Clever design puts cheap green hydrogen within reach

Publication date
Wednesday, 11 Oct 2023
Three researchers in lab
Photo: ANU

A series of clever design tweaks have boosted the efficiency of solar-powered hydrogen production, using cheap and readily available materials.

After COVID, hailstorms and bushfire smoke disrupted plans to develop entirely new solar components, the team from ANU Research School of Physics and ANU College of Engineering, Computing and Cybernetics (CECC) had to rethink their plans.

The result? Existing components deployed in such an innovative and efficient way, that the team achieved a record 20.7 percent efficiency, reported in Advance Energy Materials.

“It’s a massive step towards a green hydrogen economy,” said lead author Dr Joshua Butson, who did the work during his PhD at the RSPhys Electronic Materials Engineering (EME) Department.

“Although we used some expensive components they were deployed sparingly and effectively.”

Hydrogen has the potential to fuel a green revolution by replacing fossil fuels in transport and industry, something the United States government has acknowledged by devoting $9.5B to grants for hydrogen development. 

It’s a much-needed step - currently less than one percent of the global hydrogen production is green - that is, produced with renewable energy. Hydrogen sourced from fossil fuel is significantly cheaper and much more prevalent.

This inspired the EME team to put their skills in solar cell design towards developing much more efficient hydrogen production, for which they received support from the Australian Renewable Energy Agency.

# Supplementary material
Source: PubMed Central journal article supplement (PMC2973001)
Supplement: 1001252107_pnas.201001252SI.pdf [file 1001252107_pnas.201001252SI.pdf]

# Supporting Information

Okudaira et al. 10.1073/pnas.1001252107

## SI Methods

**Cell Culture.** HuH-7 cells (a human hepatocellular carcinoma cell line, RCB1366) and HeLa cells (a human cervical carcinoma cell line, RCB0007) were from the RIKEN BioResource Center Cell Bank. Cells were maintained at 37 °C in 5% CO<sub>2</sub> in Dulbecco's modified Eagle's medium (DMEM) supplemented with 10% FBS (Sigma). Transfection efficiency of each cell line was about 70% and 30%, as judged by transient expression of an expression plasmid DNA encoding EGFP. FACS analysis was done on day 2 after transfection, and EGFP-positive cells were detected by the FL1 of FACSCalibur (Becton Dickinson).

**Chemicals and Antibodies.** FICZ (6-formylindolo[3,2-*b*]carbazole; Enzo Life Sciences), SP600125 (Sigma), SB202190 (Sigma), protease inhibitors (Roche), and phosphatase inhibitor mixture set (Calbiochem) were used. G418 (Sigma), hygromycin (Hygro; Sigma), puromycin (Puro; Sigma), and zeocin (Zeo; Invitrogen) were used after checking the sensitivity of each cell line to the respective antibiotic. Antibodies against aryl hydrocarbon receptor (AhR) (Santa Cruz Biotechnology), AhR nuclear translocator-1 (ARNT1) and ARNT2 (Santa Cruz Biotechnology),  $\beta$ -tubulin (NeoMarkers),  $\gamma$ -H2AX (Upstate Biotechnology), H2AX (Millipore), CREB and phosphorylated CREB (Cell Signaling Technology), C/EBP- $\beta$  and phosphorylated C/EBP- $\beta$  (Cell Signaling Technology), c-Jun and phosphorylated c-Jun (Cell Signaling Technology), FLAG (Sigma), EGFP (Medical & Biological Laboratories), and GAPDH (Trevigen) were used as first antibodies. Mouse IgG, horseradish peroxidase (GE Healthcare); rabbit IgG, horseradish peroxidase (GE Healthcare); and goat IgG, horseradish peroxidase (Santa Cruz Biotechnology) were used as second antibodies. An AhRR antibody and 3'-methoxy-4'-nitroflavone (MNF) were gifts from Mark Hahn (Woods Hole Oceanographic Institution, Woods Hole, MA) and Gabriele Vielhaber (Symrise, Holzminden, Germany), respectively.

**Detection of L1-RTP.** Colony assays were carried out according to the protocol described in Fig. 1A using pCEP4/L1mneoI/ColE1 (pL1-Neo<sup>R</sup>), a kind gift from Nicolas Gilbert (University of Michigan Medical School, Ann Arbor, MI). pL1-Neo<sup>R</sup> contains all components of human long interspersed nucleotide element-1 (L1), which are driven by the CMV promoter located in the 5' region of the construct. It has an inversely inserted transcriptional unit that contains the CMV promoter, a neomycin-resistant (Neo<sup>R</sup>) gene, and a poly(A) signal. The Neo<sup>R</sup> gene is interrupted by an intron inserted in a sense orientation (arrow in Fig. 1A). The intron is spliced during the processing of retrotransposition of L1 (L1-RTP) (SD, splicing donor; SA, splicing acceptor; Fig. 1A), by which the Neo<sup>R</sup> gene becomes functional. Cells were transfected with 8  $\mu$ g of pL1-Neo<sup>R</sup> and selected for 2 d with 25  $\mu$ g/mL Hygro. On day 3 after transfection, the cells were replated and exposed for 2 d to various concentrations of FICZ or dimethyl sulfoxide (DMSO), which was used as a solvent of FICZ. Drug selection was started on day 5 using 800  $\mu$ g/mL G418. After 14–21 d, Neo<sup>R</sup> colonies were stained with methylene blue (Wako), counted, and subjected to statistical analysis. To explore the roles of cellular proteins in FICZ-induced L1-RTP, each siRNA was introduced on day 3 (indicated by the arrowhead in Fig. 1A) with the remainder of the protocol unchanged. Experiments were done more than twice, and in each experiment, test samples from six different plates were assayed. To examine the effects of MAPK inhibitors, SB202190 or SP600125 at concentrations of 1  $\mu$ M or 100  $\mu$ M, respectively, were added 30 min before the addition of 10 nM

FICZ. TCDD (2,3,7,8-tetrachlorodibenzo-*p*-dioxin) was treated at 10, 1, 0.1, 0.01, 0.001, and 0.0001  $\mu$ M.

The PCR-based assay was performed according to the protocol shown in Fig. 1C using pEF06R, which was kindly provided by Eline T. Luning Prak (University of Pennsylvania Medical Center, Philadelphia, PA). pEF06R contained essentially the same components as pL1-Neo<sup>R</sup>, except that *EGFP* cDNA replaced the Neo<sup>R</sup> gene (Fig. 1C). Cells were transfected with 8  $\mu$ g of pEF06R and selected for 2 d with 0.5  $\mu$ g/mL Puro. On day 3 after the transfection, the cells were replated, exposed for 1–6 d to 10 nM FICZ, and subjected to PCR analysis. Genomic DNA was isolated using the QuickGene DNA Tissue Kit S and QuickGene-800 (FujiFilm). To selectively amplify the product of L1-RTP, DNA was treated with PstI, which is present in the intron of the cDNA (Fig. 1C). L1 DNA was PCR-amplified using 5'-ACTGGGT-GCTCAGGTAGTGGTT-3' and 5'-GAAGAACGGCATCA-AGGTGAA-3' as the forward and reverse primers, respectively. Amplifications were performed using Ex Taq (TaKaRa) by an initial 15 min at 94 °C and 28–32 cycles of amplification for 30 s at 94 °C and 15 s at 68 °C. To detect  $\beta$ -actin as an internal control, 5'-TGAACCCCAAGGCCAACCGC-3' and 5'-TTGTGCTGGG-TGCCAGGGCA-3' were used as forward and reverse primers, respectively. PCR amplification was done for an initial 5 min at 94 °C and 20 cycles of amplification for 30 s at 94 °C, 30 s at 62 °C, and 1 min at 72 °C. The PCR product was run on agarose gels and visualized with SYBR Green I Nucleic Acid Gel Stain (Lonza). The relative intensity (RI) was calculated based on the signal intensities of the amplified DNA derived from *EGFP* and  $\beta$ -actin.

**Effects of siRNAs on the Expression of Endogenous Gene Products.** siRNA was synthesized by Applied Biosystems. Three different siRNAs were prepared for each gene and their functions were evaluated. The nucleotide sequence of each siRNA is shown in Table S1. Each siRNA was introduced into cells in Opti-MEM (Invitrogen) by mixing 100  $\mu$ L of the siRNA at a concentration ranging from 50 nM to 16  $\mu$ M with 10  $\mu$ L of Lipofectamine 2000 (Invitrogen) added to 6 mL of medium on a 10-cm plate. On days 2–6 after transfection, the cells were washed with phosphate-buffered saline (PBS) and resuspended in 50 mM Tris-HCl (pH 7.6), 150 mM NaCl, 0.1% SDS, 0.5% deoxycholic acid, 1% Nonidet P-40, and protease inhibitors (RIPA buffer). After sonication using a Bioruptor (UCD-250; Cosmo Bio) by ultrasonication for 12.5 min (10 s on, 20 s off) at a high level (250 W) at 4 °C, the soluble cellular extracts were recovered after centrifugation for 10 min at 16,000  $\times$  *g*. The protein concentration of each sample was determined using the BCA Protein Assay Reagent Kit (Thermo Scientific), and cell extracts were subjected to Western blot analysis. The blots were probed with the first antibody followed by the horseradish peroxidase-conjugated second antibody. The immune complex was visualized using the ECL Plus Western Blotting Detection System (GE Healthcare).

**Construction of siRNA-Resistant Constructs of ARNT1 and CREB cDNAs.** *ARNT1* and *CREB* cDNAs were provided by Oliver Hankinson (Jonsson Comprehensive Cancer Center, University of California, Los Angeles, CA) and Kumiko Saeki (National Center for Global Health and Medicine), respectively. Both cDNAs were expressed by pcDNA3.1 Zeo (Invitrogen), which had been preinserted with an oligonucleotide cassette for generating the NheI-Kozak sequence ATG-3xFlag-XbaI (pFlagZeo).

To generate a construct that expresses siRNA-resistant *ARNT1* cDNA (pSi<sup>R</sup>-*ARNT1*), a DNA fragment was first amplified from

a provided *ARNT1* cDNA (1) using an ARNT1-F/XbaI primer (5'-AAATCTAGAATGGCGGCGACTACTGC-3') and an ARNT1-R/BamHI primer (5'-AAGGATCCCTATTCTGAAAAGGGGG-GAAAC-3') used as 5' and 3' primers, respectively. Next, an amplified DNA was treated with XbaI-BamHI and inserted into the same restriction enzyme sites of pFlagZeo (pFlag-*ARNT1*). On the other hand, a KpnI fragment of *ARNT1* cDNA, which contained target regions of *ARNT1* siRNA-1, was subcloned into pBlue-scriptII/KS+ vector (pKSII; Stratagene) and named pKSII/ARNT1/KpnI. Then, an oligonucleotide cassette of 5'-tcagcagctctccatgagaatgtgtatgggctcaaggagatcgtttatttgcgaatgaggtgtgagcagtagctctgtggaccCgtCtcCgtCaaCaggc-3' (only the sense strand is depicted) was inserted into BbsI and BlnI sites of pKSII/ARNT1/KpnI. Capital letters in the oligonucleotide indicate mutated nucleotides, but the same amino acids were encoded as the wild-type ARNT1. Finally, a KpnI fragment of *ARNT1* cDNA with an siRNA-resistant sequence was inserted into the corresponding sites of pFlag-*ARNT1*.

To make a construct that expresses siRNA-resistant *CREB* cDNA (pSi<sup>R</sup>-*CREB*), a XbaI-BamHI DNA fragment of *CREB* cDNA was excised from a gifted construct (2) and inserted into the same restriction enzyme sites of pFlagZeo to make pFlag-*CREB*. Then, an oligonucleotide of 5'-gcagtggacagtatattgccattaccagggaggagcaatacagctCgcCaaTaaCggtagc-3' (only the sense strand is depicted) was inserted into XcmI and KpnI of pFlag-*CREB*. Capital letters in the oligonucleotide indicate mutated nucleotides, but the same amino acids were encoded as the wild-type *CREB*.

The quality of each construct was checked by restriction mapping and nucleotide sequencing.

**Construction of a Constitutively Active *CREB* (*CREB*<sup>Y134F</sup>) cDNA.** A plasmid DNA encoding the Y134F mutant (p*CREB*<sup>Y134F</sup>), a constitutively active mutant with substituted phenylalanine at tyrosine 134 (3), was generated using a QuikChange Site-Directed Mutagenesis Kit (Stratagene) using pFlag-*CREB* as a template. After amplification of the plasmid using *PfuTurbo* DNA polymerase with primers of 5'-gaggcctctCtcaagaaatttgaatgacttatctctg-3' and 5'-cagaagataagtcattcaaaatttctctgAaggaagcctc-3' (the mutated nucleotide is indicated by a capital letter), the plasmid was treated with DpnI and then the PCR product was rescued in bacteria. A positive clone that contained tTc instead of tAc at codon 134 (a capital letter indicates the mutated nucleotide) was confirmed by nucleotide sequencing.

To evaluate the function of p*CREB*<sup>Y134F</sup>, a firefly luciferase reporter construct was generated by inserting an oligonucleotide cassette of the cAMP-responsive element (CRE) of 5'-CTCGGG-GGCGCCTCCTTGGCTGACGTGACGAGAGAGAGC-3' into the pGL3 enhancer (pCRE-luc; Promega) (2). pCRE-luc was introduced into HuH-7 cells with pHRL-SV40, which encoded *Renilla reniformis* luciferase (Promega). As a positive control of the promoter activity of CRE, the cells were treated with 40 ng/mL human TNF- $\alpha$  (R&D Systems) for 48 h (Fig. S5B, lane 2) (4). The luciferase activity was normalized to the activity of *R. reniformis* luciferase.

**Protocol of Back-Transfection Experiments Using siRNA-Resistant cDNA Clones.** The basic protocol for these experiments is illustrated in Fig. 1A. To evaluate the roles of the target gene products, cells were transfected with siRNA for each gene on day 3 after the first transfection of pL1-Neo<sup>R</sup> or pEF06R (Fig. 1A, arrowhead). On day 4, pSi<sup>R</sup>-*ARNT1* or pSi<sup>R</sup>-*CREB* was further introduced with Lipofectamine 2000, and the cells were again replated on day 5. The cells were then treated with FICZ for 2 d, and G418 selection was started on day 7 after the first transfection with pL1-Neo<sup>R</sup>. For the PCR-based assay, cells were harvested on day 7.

In previous work they had developed one part of the puzzle, cheap and efficient catalysts for the hydrogen cell electrodes. 

But efficient use of these electrodes was hampered by a mismatch between solar photovoltaic (PV) cells, which output up to about 1.0 volts (depending on the exact material) and hydrogen production by electrolytic water splitting, which needs 1.6 volts. 

One solution is stacked layers of PV cells, known as tandem cells, built from two or even three layers of different materials. The team hoped to design a tandem cell that could match the voltage needed for water splitting closely – most tandems generate too much voltage, resulting in excess power being thrown away, which reduces the conversion efficiency.

However during enforced thinking time – thanks to a string of extended lab closures in 2020 – Associate Professor Siva Karuturi began considering commercially available technology and realised that by multiplying the voltages they could get the match they wanted. 

To generate almost exactly the right voltage to drive four water-splitting cells in series they could use three tandem triple-junction solar cells in series, using a commercially available cell with layers of indium gallium phosphide, indium gallium arsenide and germanium.